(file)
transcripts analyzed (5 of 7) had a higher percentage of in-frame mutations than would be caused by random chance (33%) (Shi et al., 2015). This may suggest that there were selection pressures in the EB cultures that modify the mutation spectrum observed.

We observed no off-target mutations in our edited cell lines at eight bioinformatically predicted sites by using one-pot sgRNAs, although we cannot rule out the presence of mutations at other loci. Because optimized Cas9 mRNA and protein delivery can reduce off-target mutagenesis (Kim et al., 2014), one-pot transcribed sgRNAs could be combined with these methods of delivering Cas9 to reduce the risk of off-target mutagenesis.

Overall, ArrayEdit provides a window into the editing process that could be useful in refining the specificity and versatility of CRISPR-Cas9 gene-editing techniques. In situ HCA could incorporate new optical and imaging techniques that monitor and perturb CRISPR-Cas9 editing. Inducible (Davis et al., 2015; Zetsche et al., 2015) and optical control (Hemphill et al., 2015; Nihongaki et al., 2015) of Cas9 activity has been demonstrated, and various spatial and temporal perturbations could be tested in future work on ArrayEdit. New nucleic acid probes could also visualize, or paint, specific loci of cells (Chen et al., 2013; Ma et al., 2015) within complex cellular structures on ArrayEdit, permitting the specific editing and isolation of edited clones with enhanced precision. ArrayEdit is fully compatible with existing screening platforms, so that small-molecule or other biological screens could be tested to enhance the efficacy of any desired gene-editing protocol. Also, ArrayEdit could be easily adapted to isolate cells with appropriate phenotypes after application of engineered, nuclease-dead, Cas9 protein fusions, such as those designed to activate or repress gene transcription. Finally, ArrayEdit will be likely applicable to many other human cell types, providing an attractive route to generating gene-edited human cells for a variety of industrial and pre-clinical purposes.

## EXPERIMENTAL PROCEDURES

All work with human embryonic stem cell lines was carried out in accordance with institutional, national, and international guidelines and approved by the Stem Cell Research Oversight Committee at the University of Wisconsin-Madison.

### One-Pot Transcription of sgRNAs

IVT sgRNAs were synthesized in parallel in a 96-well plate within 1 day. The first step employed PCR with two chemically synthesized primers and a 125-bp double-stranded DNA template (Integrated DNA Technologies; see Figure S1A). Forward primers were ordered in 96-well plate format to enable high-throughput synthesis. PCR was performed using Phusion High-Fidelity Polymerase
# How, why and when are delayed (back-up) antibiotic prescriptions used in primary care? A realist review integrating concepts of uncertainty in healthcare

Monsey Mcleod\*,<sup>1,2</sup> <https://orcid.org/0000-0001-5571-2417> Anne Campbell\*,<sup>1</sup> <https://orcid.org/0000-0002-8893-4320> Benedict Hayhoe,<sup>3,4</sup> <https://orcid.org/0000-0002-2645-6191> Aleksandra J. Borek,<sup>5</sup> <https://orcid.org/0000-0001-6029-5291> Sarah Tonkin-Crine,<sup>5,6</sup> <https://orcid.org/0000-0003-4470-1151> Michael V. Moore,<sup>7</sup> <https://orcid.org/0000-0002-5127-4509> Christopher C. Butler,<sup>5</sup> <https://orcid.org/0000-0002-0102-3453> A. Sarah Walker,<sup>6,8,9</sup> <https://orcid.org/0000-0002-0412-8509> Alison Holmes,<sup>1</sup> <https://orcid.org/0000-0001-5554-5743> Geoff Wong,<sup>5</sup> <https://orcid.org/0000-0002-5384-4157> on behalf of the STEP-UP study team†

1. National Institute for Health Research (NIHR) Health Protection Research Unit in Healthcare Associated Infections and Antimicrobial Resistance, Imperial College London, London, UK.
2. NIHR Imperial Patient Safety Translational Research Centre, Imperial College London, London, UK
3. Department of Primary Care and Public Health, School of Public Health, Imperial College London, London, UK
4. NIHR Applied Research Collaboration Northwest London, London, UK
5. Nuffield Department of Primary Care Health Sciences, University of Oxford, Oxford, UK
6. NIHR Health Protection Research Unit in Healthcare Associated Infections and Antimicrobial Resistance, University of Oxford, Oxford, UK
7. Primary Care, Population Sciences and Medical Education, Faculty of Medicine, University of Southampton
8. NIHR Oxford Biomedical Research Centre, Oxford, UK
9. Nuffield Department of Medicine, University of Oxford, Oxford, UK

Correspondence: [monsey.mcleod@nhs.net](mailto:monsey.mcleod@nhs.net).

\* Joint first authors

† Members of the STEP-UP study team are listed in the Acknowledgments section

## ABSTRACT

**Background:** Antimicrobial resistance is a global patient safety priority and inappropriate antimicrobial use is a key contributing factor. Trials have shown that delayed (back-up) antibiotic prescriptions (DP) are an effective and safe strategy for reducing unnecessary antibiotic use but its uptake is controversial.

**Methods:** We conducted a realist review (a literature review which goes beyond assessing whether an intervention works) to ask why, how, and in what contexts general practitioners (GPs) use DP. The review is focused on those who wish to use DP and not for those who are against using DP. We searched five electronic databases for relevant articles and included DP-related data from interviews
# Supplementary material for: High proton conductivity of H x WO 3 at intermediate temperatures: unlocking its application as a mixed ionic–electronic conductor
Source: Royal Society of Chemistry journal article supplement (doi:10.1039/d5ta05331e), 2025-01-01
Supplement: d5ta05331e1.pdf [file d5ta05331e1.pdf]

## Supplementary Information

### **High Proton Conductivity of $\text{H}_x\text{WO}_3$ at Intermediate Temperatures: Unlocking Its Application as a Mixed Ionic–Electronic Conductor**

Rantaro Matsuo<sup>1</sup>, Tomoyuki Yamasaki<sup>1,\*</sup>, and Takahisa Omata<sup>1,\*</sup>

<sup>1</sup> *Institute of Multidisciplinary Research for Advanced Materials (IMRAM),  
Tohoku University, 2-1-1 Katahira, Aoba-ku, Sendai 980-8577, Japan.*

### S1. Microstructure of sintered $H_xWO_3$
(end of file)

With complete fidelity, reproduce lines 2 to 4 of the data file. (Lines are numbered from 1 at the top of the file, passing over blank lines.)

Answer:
We observed no off-target mutations in our edited cell lines at eight bioinformatically predicted sites by using one-pot sgRNAs, although we cannot rule out the presence of mutations at other loci. Because optimized Cas9 mRNA and protein delivery can reduce off-target mutagenesis (Kim et al., 2014), one-pot transcribed sgRNAs could be combined with these methods of delivering Cas9 to reduce the risk of off-target mutagenesis.

Overall, ArrayEdit provides a window into the editing process that could be useful in refining the specificity and versatility of CRISPR-Cas9 gene-editing techniques. In situ HCA could incorporate new optical and imaging techniques that monitor and perturb CRISPR-Cas9 editing. Inducible (Davis et al., 2015; Zetsche et al., 2015) and optical control (Hemphill et al., 2015; Nihongaki et al., 2015) of Cas9 activity has been demonstrated, and various spatial and temporal perturbations could be tested in future work on ArrayEdit. New nucleic acid probes could also visualize, or paint, specific loci of cells (Chen et al., 2013; Ma et al., 2015) within complex cellular structures on ArrayEdit, permitting the specific editing and isolation of edited clones with enhanced precision. ArrayEdit is fully compatible with existing screening platforms, so that small-molecule or other biological screens could be tested to enhance the efficacy of any desired gene-editing protocol. Also, ArrayEdit could be easily adapted to isolate cells with appropriate phenotypes after application of engineered, nuclease-dead, Cas9 protein fusions, such as those designed to activate or repress gene transcription. Finally, ArrayEdit will be likely applicable to many other human cell types, providing an attractive route to generating gene-edited human cells for a variety of industrial and pre-clinical purposes.

## EXPERIMENTAL PROCEDURES